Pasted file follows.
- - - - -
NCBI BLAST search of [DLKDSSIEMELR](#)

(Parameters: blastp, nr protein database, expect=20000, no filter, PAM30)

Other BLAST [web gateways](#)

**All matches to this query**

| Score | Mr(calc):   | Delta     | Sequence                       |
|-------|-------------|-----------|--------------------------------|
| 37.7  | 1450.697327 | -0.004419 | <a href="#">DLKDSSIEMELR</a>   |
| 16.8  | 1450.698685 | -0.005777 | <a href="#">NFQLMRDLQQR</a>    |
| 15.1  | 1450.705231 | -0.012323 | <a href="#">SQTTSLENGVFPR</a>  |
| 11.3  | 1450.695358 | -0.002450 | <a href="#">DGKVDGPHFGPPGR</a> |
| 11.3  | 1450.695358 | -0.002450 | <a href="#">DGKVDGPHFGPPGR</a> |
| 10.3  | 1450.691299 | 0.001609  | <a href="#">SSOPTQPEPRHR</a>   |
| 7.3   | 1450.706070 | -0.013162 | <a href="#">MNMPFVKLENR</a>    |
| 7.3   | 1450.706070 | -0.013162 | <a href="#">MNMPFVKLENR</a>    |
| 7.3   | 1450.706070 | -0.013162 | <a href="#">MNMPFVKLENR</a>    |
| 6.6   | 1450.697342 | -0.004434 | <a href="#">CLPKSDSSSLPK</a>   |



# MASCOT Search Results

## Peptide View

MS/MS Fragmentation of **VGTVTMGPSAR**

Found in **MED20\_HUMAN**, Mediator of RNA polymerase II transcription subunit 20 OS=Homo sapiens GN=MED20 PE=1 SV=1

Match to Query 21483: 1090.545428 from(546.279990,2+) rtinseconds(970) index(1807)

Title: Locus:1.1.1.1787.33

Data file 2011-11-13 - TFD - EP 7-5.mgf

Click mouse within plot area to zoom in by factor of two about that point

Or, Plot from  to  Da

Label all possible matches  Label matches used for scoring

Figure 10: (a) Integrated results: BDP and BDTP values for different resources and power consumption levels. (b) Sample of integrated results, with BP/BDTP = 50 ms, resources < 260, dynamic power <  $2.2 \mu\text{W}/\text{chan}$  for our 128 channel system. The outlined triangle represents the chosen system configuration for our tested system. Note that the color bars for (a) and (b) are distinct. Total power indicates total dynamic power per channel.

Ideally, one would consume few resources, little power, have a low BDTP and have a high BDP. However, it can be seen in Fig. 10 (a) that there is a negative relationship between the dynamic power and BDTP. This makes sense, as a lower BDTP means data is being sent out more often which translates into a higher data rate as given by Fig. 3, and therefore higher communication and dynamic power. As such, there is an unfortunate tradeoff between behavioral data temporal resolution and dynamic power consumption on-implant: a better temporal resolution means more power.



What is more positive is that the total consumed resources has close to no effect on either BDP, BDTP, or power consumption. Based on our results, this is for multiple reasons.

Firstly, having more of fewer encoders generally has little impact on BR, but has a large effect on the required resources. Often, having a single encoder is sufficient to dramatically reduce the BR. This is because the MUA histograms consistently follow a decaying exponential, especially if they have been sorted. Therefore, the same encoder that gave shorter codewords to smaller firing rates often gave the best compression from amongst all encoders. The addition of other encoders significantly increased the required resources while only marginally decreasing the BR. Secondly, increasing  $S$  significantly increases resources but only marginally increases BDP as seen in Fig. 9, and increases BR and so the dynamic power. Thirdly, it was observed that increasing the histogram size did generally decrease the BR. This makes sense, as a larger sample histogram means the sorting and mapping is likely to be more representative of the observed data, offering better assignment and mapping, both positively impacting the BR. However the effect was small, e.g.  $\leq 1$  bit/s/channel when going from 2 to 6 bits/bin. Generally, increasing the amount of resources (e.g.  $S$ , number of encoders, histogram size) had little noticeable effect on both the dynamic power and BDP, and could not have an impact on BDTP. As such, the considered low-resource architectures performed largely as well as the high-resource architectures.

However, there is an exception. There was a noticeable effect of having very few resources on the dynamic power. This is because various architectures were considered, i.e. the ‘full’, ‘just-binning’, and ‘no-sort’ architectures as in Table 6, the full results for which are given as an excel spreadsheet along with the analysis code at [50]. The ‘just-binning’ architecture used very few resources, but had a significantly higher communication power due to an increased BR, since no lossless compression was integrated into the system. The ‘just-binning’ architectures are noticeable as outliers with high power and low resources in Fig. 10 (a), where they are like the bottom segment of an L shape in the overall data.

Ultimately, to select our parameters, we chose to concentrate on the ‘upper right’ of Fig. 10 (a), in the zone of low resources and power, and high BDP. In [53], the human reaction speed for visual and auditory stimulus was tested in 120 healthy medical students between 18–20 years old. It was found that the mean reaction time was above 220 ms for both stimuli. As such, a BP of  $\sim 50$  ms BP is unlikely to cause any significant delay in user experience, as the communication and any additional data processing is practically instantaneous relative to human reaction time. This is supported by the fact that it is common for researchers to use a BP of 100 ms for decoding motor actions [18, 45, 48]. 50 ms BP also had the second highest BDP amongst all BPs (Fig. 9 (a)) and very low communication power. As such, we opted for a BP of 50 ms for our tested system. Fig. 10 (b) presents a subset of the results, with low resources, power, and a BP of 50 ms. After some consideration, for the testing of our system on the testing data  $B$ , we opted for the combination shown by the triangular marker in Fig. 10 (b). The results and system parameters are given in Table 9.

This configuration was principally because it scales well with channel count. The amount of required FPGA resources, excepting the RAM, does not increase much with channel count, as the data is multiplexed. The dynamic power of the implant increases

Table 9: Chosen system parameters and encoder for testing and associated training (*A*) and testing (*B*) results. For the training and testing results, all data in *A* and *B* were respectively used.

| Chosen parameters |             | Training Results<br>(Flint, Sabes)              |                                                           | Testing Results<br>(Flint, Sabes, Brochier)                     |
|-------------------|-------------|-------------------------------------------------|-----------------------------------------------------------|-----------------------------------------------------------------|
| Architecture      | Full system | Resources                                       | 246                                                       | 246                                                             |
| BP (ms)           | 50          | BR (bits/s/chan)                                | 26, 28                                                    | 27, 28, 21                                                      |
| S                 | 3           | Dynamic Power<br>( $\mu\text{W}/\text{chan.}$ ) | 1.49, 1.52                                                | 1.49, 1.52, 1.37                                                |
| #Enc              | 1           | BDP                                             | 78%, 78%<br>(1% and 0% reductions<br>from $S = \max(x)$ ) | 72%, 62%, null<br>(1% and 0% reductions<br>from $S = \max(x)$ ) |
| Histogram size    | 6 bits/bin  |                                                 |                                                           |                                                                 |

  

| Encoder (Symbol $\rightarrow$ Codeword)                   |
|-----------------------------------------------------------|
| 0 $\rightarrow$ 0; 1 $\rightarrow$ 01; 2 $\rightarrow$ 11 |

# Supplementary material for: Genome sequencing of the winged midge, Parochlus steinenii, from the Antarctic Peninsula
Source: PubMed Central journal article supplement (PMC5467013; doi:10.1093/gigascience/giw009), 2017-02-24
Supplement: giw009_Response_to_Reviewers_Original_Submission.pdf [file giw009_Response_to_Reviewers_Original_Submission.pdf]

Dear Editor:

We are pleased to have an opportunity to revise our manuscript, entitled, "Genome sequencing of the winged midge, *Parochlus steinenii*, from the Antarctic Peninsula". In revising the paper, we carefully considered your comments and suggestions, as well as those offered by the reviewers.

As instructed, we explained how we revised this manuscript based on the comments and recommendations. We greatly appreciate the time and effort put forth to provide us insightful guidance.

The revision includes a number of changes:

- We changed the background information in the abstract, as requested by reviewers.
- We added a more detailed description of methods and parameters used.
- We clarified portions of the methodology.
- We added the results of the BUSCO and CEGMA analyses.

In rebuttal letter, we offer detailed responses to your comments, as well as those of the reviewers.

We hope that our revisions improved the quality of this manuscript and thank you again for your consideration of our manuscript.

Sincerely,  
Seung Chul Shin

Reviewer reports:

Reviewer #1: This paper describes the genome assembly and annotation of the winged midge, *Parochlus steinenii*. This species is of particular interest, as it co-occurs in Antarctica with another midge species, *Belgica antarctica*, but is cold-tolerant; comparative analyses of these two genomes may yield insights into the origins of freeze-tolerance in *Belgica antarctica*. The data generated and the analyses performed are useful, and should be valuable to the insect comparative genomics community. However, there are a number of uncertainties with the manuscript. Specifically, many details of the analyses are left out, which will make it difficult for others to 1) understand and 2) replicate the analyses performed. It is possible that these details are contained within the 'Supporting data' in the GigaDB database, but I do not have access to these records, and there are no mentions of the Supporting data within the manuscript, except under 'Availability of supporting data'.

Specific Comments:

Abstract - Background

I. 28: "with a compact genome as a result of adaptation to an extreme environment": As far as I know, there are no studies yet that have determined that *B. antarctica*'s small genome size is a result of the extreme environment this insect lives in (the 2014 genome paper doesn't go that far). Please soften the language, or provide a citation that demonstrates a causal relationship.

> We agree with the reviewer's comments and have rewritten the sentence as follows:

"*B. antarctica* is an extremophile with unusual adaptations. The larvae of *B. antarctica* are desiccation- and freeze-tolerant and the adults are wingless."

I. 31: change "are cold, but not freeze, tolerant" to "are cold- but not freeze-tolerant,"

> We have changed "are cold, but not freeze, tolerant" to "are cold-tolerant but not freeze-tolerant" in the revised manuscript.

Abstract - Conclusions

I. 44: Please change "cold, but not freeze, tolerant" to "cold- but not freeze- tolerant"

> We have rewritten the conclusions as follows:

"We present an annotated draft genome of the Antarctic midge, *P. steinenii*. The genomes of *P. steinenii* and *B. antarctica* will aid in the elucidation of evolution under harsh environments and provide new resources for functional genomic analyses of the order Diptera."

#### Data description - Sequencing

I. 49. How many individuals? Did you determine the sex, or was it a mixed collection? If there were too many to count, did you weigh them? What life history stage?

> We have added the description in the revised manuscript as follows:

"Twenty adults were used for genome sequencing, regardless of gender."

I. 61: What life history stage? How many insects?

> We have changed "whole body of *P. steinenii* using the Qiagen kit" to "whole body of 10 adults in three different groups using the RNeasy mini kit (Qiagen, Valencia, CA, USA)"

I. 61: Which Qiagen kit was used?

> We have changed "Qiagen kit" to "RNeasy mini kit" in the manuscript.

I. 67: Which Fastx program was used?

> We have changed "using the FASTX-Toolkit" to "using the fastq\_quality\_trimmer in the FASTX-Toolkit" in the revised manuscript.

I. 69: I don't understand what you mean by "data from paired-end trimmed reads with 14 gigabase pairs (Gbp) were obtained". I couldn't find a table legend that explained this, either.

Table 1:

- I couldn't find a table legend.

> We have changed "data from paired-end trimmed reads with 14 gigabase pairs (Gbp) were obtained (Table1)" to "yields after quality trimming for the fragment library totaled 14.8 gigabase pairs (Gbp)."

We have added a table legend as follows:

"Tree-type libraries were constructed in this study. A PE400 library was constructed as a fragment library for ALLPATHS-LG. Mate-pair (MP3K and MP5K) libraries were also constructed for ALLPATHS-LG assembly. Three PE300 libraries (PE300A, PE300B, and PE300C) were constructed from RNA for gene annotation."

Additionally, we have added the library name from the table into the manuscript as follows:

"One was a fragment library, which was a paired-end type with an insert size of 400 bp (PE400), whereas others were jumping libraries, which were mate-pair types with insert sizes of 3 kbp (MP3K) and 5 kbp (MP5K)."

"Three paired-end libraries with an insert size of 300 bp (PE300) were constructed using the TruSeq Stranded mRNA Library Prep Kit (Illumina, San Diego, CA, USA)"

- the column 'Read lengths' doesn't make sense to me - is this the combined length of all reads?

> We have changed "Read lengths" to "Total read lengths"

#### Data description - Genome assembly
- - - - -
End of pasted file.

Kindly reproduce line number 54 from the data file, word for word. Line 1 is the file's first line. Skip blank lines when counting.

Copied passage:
- We clarified portions of the methodology.